Epenthesis
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Epenthesis
Sound change and alternation
Fortition
Dissimilation

In phonology, epenthesis (; Greek ) means the addition of one or more sounds to a word, especially to the interior of a word (at the beginning prothesis and at the end paragoge are commonly used). The word epenthesis comes from epi- "in addition to" and en "in" and thesis "putting". Epenthesis may be divided into two types: excrescence, for the addition of a consonant, and svarabhakti, or anaptyxis , for the addition of a vowel. The opposite process, where one or more sounds are removed, is referred to as elision.

Uses

Epenthesis arises for a variety of reasons. The phonotactics of a given language may discourage vowels in hiatus or consonant clusters, and a consonant or vowel may be added to make pronunciation easier. Epenthesis may be represented in writing or be a feature only of the spoken language.

Separating vowels

A consonant may be added to separate vowels in hiatus. This is the case with linking and intrusive R in English.

  • drawing -> drawring

Bridging consonant clusters

A consonant may be placed between consonants in a consonant cluster where the place of articulation is different (e.g., where one consonant is labial and the other is alveolar).

  • something -> somepthing
  • hamster -> hampster
  • *a-mrotos -> ambrotos (see below)

Breaking consonant clusters

A vowel may be placed between consonants to separate them.

Other contexts

While epenthesis most often occurs between two vowels or two consonants, it can also occur between a vowel and a consonant, or at the ends of words. For example, the Japanese prefix ma- ((), pure ..., complete ...) transforms regularly to ma'- ((), (gemination of following consonant)) when followed by a consonant, as in masshiro ((?), pure white). The English suffix -t, often found in the form -st, as in amongst (from among + -st), is an example of terminal excrescence.

Excrescence

Excrescence, also known as vyanjanabhakti (; from Sanskrit: [?j?ndn?'bkti]) is the epenthesis of a consonant.

Historical sound change

Synchronic rule

In French, /t/ is inserted in inverted interrogative phrases between a verb ending in a vowel and a pronoun beginning with a vowel: il a ('he has') > a-t-il ('has he?'). There is no epenthesis from a historical perspective since the a-t is derived from Latin habet ('he has'), and so the t is the original third-person verb inflection. However it is correct to call it epenthesis when viewed synchronically since the modern basic form of the verb is a and so the psycholinguistic process is therefore the addition of t to the base form.

A similar example is the English indefinite article a, which becomes an before a vowel. It originated from Old English ?n ("one, a, an"), which retained an n in all positions, so a diachronic analysis would see the original n disappearing except if a following vowel required its retention: an > a. However, a synchronic analysis, in keeping with the perception of most native speakers, would (equally correctly) see it as epenthesis: a > an.

In Dutch, whenever the suffix -er (which has several meanings) is attached to a word already ending in -r, an additional -d- is inserted in between. For example, the comparative form of the adjective zoet ("sweet") is zoeter, but the comparative of zuur ("sour") is zuurder and not the expected **zurer. Similarly, the agent noun of verkopen ("to sell") is verkoper ("salesperson"), but the agent noun of uitvoeren ("to perform") is uitvoerder ("performer").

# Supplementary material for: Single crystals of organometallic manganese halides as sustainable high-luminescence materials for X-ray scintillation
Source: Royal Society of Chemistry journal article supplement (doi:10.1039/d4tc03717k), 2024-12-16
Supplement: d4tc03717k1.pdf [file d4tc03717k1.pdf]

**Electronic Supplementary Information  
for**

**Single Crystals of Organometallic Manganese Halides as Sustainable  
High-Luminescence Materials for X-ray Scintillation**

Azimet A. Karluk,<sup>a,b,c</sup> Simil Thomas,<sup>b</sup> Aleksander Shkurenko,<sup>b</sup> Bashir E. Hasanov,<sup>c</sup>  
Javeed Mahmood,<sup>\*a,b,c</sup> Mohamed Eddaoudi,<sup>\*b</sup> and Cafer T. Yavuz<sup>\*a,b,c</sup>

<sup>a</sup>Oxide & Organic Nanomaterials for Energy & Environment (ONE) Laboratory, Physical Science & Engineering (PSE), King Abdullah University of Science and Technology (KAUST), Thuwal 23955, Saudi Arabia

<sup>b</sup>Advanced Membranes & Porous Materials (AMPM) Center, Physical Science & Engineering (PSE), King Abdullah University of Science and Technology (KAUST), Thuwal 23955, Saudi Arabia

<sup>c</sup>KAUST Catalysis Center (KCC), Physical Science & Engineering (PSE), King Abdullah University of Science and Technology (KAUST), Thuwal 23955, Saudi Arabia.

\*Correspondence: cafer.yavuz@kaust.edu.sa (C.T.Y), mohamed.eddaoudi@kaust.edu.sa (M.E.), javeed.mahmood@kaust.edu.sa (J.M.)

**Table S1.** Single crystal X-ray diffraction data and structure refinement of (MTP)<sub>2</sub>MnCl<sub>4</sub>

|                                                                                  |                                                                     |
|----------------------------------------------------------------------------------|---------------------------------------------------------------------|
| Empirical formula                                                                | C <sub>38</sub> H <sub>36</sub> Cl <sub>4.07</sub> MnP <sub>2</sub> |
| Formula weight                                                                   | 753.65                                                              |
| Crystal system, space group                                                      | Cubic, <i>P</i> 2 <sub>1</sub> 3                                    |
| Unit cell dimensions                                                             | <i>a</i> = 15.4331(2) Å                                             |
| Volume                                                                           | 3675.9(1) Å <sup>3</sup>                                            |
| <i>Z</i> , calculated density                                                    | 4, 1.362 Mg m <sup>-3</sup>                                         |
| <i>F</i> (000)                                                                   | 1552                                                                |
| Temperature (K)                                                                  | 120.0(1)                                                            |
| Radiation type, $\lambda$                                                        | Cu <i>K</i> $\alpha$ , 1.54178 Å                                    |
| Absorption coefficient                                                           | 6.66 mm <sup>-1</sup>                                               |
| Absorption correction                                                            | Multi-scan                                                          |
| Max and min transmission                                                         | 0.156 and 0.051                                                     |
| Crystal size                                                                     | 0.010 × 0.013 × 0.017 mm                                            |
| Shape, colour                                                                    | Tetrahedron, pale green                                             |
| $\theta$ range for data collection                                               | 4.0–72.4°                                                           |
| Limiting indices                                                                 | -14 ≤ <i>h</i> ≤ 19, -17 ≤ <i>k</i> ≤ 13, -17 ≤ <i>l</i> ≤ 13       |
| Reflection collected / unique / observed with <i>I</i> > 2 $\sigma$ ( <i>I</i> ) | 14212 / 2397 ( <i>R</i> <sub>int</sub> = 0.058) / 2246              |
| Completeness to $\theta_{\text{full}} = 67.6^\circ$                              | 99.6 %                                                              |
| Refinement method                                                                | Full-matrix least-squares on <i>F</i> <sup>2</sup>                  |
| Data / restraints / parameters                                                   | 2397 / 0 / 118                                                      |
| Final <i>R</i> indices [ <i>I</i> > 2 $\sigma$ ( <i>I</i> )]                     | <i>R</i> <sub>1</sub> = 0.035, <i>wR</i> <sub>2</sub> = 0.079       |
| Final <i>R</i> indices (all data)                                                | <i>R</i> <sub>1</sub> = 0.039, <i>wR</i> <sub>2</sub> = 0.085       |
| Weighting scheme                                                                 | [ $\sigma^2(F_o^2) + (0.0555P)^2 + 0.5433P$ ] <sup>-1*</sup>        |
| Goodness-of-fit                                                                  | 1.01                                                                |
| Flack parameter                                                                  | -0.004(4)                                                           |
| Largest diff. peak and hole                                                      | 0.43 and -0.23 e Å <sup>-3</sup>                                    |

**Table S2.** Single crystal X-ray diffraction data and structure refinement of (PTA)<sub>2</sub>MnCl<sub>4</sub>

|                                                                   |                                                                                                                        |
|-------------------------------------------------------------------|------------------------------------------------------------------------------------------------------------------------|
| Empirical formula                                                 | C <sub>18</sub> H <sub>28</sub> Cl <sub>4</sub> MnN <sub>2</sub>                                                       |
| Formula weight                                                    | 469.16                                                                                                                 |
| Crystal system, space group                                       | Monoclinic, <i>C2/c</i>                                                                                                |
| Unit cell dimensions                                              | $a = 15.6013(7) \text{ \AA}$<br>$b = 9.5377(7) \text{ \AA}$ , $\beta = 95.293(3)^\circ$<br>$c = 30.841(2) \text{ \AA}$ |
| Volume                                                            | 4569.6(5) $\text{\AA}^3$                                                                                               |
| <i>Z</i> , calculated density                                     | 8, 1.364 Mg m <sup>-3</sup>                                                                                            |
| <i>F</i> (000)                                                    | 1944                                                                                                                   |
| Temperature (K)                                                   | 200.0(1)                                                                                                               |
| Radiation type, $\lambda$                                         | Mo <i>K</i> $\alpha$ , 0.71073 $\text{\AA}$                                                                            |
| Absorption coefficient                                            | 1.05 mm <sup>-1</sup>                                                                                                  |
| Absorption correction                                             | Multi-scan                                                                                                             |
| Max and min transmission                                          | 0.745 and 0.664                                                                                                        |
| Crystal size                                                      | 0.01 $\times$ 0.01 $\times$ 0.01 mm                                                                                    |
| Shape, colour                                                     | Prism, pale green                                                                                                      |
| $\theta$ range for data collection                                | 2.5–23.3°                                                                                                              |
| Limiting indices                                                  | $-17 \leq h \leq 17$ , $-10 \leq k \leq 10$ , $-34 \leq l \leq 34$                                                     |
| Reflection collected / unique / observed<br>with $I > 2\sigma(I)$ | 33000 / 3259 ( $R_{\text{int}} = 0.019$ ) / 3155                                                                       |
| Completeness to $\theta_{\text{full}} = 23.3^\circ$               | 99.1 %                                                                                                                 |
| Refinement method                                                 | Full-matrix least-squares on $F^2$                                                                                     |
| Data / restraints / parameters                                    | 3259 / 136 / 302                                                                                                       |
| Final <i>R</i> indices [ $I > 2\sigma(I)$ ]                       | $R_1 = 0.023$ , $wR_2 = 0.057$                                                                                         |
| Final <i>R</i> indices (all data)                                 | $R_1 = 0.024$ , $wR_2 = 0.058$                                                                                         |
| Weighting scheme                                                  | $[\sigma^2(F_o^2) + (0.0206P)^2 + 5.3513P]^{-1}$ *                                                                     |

Variable rule

In English, a stop consonant is often added as a transitional sound between the parts of a nasal + fricative sequence:

  • English hamster often pronounced with an added p sound, GA: ['hmpst?] or RP: ['hampst?]
  • English warmth often pronounced with an added p sound, GA: ['wmp?] or RP: ['w?:mp?]
  • English fence often pronounced ['f?nts]

Poetic device

  • Latin reliqui?s "remnants, survivors" (accusative plural) > poetic relliqui?s

The three short syllables in reliqui?s do not fit into dactylic hexameter because of the dactyl's limit of two short syllables so the first syllable is lengthened by adding another l. However, the pronunciation was often not written with double ll, and may have been the normal way of pronouncing a word starting in rel- rather than a poetic modification.

In Japanese

A limited number of words in Japanese use epenthetic consonants to separate vowels. An example is the word harusame ((?), spring rain), a compound of haru and ame in which an /s/ is added to separate the final /u/ of haru and the initial /a/ of ame. That is a synchronic analysis. As for a diachronic (historical) analysis, since epenthetic consonants are not used regularly in modern Japanese, the epenthetic /s/ could be from Old Japanese. It is also possible that Old Japanese /ame2/ was once pronounced */same2/; the /s/ would then be not epenthetic but simply an archaic pronunciation. Another example is kosame ((), "light rain").

A complex example of epenthesis is massao ((?), deep blue, ghastly pale), from ma- (??(), pure, complete) + ao (?(), blue). It exhibits epenthesis on both morphemes: ma- (()) -> ma'- ((), (gemination of following consonant)) is common (occurring before a consonant), and ao (?()) -> sao (?()) occurs only in the example; it can be analyzed as maao -> masao (intervocalic) -> massao; akin to kirisame ((?), drizzle, light rain) from kiri (?(), fog, mist) + ame (?(), rain).

One hypothesis argues that Japanese /r/ developed "as a default, epenthetic consonant in the intervocalic position".[1]

Anaptyxis

Epenthesis of a vowel is known as anaptyxis (/?æn?p't?ks?s/, from Greek "unfolding"), or by the Sanskrit term svarabhakti (/?sv?:r?'b?:kti/, from Sanskrit ['s?bkt?i] "vowel separation"). Some accounts distinguish between "intrusive" optional vowels, vowel-like releases of consonants as phonetic detail, and true epenthetic vowels that are required by the phonotactics of the language and are acoustically identical with phonemic vowels.

Historical sound change

End of word